Spy Museum Display Comes to Holocaust Museum

 By Josh Handler and Raquel Moore
The Red Line Project
@RedLineProject

Posted: Sunday, Nov. 25, 2012

In one corner of the exhibit stand three imposing Ku Klux Klan robes. In another pieces of one of the planes used to wreak havoc on the United States in the attacks of Sept. 11, 2001.

Across the room is a firefighter’s helmet from the Oklahoma City Bombings of 1995 and at the exhibit’s entrance is a recreation of the fire that was set to the White House by British troops during the war of 1812.

All of these serve as reminders of catastrophic events in the past in the U.S. and through its exhibit “Spies, Traitors and Saboteurs: Fear and Freedom in America,” the Illinois Holocaust Museum and Education Center in Skokie hopes to offer memories of the past in order to prevent the same mistakes from being made in the future.

“It deals with 10 moments in American history where something has caused great fear in the country,” says Arielle Weininger, chief curator of collections and exhibitions at the museum, “We are a Holocaust museum but we also emphasize the education of other genocides, human rights violations, human rights atrocities.”

The exhibit was brought to Skokie in association with Washington D.C.’s International Spy Museum.

“They (the International Spy Museum) decided, because of 9/11, that their first temporary exhibition would look at terrorism in the United States,” Weininger said. “It’s important that we be aware, as Americans, about our rights and when they are violated we push back.”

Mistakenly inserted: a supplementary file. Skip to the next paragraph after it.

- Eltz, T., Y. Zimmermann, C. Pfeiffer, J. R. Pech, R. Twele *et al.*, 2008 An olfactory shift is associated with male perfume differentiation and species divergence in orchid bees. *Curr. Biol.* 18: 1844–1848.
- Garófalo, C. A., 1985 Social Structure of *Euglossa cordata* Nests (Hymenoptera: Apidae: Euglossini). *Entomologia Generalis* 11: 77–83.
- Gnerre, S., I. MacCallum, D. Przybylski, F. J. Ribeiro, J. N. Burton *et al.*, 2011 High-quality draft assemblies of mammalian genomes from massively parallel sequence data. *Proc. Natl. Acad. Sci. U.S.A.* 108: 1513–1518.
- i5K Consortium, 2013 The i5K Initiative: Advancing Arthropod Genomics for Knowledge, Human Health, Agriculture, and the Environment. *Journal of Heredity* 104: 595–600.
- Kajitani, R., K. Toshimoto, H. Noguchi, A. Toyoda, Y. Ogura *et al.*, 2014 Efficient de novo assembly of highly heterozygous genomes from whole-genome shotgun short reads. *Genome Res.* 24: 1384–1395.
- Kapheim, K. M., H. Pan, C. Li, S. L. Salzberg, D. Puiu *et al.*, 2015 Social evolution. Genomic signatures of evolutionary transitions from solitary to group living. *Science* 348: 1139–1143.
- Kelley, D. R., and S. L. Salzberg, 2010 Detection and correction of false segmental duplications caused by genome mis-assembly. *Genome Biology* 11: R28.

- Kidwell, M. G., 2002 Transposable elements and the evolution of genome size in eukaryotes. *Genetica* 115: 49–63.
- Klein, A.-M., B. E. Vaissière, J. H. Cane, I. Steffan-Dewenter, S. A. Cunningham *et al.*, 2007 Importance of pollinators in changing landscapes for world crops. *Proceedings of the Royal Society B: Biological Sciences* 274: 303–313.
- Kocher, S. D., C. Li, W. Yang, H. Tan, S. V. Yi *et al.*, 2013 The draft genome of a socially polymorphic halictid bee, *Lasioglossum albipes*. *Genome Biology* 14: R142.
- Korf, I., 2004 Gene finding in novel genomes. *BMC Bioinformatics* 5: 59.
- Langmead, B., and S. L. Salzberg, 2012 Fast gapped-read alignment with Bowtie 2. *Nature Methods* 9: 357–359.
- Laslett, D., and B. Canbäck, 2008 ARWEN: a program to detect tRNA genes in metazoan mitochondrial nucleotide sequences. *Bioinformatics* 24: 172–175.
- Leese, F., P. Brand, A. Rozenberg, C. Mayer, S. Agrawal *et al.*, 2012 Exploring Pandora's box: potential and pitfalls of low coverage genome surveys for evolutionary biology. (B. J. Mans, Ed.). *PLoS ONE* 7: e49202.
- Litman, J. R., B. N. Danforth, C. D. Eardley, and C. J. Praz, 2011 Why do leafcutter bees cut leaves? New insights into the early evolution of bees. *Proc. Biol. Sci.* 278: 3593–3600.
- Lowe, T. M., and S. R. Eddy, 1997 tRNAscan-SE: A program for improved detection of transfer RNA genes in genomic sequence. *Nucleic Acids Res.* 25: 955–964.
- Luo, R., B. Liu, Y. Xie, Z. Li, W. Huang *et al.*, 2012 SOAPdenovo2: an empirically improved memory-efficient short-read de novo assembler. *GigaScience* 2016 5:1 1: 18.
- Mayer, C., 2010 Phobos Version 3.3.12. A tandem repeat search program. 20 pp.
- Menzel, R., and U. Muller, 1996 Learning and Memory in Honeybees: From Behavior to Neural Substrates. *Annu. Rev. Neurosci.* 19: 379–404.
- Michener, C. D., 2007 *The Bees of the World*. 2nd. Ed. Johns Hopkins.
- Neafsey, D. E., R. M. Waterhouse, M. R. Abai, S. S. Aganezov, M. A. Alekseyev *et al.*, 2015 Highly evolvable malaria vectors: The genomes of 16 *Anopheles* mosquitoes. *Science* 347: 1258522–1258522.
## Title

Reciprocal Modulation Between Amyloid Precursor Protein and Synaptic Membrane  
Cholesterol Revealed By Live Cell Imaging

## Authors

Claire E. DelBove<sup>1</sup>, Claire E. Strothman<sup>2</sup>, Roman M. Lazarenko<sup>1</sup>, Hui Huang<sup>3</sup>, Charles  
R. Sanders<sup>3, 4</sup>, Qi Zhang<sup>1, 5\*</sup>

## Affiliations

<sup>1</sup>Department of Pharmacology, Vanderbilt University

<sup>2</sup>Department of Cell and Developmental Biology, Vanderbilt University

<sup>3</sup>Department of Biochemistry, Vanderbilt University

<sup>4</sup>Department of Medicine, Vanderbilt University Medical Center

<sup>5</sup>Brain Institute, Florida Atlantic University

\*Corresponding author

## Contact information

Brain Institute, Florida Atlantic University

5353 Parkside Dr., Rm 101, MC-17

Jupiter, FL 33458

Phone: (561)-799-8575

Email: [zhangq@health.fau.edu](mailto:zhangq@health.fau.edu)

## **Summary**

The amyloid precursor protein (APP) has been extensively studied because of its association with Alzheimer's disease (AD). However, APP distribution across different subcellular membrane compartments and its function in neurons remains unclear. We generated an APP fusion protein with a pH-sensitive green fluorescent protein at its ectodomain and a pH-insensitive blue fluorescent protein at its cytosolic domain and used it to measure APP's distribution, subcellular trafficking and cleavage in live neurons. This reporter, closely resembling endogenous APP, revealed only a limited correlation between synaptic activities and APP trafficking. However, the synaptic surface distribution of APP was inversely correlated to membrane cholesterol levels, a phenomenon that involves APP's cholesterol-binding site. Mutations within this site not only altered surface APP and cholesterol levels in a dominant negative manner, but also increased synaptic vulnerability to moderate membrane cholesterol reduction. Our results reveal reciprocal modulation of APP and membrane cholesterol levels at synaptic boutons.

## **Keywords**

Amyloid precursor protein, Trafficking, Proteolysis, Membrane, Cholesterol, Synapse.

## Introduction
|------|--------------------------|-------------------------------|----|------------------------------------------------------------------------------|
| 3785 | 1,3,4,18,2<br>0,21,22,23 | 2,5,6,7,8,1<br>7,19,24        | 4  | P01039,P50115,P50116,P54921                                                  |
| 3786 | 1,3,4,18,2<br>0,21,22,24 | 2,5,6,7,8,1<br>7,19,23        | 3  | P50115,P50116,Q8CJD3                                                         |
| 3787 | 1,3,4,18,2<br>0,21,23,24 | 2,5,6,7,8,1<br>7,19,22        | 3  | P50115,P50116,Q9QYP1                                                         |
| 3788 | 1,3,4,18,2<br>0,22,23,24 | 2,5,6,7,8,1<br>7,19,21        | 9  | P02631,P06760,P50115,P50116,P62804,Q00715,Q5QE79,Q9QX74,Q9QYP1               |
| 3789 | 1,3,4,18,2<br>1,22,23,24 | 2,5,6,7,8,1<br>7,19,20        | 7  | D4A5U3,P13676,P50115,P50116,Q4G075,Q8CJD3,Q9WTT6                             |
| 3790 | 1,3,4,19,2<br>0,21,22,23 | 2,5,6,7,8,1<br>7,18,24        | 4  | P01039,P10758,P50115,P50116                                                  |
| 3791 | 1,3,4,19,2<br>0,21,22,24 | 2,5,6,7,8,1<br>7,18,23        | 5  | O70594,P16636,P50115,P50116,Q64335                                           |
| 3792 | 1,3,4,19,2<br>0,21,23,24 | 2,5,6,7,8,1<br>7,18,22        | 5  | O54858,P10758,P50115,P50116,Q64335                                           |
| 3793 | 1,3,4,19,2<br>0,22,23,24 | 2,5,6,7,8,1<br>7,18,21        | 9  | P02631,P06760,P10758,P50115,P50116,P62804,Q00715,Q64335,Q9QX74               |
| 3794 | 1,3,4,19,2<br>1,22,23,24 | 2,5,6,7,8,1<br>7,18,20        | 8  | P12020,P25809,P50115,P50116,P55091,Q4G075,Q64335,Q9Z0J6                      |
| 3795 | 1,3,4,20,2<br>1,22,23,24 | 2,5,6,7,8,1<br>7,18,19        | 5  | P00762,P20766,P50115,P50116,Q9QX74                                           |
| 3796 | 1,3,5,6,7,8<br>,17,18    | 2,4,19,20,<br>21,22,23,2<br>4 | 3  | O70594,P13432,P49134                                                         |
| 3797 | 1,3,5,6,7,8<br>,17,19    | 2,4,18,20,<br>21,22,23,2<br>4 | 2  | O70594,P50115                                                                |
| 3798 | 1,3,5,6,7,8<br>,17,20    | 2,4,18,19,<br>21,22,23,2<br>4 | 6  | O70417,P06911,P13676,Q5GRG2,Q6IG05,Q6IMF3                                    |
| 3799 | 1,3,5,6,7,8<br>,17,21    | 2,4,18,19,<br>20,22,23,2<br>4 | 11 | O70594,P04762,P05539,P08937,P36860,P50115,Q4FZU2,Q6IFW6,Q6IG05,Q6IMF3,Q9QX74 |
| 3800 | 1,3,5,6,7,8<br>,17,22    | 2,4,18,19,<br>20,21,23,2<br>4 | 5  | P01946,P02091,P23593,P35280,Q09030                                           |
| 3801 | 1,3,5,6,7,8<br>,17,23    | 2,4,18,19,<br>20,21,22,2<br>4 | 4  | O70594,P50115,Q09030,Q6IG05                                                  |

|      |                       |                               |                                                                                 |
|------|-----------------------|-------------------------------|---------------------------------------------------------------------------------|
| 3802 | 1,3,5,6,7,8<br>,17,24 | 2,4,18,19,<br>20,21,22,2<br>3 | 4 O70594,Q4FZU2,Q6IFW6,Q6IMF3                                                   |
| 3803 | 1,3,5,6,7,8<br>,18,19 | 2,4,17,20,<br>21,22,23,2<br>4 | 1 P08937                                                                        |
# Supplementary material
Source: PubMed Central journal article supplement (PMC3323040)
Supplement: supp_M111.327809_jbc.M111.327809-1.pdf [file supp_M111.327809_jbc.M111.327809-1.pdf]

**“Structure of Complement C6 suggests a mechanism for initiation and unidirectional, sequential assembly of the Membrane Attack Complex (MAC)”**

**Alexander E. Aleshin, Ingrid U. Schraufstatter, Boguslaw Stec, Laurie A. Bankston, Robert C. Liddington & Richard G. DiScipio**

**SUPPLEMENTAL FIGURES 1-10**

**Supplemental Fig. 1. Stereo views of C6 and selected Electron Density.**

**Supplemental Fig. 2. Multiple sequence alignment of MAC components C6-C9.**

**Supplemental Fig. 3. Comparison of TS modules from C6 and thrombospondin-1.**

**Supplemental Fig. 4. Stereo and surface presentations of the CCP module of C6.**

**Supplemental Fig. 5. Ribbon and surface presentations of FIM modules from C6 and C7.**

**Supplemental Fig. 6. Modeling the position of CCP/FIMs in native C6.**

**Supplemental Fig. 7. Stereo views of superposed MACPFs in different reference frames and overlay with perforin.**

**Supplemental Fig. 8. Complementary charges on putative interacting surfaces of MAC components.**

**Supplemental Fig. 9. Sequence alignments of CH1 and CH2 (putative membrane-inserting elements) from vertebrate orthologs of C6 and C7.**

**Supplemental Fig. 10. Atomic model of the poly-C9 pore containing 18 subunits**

In addition to a timeline, highlighting the history of suppression in American culture, the entrance to the exhibit displays a newspaper headline from Sept. 11. The exhibit progresses through the years, displaying artifacts and replicas of several impactful events in American history.

Behind the trio of KKK robes, one women’s, one men’s and one child’s is a slideshow that includes graphic, haunting images of the Klan’s terror from lynched African Americans to video clips of the Klan marching while holding their children’s hands and carrying babies, all clad in robes.

“In terms of objects, second to the 9/11 plane parts, I would say is the Ku Klux Klan uniform that’s on display," Weininger said. "I think it’s very rare, especially for Northerners to see an object like that."

The exhibit goes on to examine a series of American atrocities, including mail bombs, accusations of spying and World War II Japanese internment camps.

As the exhibit progresses chronologically, several images from the Vietnam War bring visitors to the seventies.

The final room in the exhibit shows a helmet worn by an Oklahoma City firefighter in rescue efforts following the 1995 bombing of the Alfred P. Murrah Federal Building and two pieces of one of the planes from Ground Zero in 2001.

Weininger explains the exhibit, saying, “they look at, within the exhibition, investigations of American Muslims post Sept. 11, the internment of Japanese-Americans during World War II and wide arrests during the anarchist period of the 1910s and 1920s, basically most of them were just immigrants, they weren’t anarchists.”

In addition to the visuals that the exhibit provides for visitors, a series of Gallup poll questions are presented on touch screens throughout concerning certain rights for people in America and where people feel the line should be drawn for the American government.

“Typically within each section of the exhibition the government is covered in two different ways. One is in the development of the protections that we have in our society, the Federal Bureau of Investigation, the Department of Justice itself, CIA and police departments and then it also looks at how the government at points in time has overstepped their boundaries and often times its been unconstitutional,” according to Weininger.

The special exhibition will remain on display until Jan. 6, 2013 at the Skokie-based Museum located at 9603 Woods Dr. General admission is free for museum members and $12 for the public with discounts offered to seniors, students and children.

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